“When I dropped out of my Master’s, I remember it was like living underwater, but there were specific details…that really encapsulated how alone and unable to talk to anyone I felt due to the sense of stigma of having a mental health disability in academia.“
The bones of “The Underside of a Wing” were always somewhat autobiographical, in that I was also a graduate student in clinical psychology who dropped out of my Master’s due to untreated anxiety and depression, however this piece started life as a very traditional realist narrative that wasn’t working at all. The central image of the albatross actually came to me when I was talking to a friend about how I was having trouble managing my current anxiety and depression, which is linked to climate grief. She used the phrase “like an albatross around your neck,” and all of a sudden I envisioned a way to personify what I was going through, and what I had been through. I realized that, just like poetry, oftentimes the best way to tell a hard truth is, like Emily Dickinson says, to “tell it slant.” Because I wanted to tell what ended up being a semi-autobiographical story, I always knew this had to be a piece of fiction, but I went about structuring it like I would a poem. When I dropped out of my Master’s, I remember it was like living underwater, but there were specific details, like watching endless DVDs instead of reading papers, and riding public transit and feeling overwhelming sadness when I looked at couples, that really encapsulated how alone and unable to talk to anyone I felt due to the sense of stigma of having a mental health disability in academia. When I started to write the draft that eventually became this piece, I made a list of these details, and wrote scenes around them.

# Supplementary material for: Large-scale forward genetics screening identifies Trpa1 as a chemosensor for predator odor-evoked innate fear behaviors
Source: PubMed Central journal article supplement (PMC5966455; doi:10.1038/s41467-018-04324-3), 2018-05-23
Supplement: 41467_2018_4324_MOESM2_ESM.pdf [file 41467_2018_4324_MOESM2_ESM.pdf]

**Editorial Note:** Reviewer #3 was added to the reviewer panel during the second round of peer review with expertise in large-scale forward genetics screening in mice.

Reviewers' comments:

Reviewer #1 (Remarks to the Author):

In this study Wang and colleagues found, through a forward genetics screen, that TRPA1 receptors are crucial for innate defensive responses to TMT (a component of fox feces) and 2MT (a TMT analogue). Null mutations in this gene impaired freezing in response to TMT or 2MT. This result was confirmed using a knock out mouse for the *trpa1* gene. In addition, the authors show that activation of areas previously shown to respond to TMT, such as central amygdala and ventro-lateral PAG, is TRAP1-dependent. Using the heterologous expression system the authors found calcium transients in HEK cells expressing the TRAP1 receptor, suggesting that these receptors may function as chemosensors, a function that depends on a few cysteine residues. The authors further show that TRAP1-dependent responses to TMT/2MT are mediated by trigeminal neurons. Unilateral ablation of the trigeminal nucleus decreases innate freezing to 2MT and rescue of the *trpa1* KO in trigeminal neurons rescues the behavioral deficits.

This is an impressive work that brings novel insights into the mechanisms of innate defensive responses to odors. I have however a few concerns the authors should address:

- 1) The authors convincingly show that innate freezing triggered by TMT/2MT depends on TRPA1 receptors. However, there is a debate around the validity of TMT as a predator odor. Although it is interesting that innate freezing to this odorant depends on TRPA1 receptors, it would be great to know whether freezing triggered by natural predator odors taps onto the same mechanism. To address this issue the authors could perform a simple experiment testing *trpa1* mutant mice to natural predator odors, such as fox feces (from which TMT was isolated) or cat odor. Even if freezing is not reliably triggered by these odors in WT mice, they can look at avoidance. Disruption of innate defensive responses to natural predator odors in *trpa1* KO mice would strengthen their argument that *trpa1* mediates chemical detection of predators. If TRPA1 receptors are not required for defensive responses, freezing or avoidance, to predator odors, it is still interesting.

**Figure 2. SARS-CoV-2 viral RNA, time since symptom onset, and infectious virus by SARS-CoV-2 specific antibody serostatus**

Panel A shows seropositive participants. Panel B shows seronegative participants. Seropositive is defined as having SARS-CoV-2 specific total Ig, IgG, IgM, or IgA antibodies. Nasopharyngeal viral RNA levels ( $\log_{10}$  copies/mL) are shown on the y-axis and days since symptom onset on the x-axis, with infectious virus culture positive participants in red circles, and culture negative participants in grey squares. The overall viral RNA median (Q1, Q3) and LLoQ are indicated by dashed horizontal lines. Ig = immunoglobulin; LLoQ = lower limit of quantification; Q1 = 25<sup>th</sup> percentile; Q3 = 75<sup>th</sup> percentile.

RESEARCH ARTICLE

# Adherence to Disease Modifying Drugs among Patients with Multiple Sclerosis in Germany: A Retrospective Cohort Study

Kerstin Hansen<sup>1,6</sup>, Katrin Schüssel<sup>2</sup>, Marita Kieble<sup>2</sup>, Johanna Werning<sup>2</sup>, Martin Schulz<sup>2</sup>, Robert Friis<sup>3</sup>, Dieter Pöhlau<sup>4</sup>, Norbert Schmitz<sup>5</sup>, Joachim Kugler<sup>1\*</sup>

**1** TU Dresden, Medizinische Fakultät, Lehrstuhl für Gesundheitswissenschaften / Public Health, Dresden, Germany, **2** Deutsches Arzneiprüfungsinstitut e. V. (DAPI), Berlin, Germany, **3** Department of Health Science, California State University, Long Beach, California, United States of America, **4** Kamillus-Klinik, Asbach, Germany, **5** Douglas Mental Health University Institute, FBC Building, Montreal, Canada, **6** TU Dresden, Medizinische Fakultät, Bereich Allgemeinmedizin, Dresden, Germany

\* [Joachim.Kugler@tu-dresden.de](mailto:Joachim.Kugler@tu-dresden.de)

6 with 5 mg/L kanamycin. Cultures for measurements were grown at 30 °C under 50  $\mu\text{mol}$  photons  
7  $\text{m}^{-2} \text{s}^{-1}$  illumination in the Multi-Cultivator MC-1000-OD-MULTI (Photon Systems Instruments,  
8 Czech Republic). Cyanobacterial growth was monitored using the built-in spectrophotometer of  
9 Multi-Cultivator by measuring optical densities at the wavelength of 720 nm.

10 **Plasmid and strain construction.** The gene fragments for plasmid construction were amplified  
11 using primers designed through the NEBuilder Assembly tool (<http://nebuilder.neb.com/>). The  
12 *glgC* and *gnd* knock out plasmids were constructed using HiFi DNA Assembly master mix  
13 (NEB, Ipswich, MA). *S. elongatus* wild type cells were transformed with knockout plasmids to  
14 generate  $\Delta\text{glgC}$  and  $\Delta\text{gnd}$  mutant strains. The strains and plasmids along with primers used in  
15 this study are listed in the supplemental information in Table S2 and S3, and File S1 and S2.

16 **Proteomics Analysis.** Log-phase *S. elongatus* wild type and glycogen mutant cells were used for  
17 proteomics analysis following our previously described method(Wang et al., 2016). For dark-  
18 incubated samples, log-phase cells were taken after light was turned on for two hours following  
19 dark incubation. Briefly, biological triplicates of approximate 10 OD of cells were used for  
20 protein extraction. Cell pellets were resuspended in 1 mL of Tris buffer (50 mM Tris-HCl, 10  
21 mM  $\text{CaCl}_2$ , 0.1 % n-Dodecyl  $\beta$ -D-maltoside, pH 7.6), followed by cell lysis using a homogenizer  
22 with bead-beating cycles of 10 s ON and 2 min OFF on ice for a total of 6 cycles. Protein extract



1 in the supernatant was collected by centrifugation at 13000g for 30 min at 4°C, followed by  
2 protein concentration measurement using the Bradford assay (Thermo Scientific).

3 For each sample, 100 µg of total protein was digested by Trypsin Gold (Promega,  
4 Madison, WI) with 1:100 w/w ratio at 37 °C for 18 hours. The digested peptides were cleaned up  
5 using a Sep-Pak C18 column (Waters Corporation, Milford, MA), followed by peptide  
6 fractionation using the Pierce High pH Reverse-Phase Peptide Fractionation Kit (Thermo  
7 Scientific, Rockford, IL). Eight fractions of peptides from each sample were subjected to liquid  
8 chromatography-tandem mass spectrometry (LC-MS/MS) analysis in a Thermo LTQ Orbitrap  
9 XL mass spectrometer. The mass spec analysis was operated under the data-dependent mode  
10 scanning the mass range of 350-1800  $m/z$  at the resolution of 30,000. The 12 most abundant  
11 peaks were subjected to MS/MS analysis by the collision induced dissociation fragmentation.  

My love for prose poetry, which I developed in my first poetry collection, What to Wear When Surviving A Lion Attack, definitely comes out in this piece. I found myself using a lot of poetic devices, such as repetition, when I wrote this, and often found myself saying the sections out loud to make sure the rhythms were right, just as I would for a poem. I approached each section almost as a separate piece, and didn’t necessarily write the middle sections in order. I spent a lot of time re-arranging with cut and paste in Word! Currently, in my work on my short fiction collection in progress, I’m doing a lot of this kind of re-arranging because I’ve become interested in interspersing narratives in my writing. For example, in one story that I’ve just finished, the protagonist tries to grapple with abuse in her romantic relationship by seeing her partner change into a dragon, which she rationalizes cannot be real, while narratives dealing with urban legends about lizard men act as a counterpoint. In general, I write poems this way too, cutting and pasting lines all over the place, and I think my work in poetry has definitely influenced my fiction in the matter of form.
Paola Ferrante‘s work has appeared in The Fiddlehead, Grain, CV2, The New Quarterly and elsewhere. She won The New Quarterly ‘s 2019 Peter Hinchcliffe Award for fiction, and Room‘s 2018 prize for fiction. Her debut full length poetry collection, What to Wear When Surviving A Lion Attack, was published Spring 2019 by Mansfield Press. She is the Poetry Editor at Minola Review.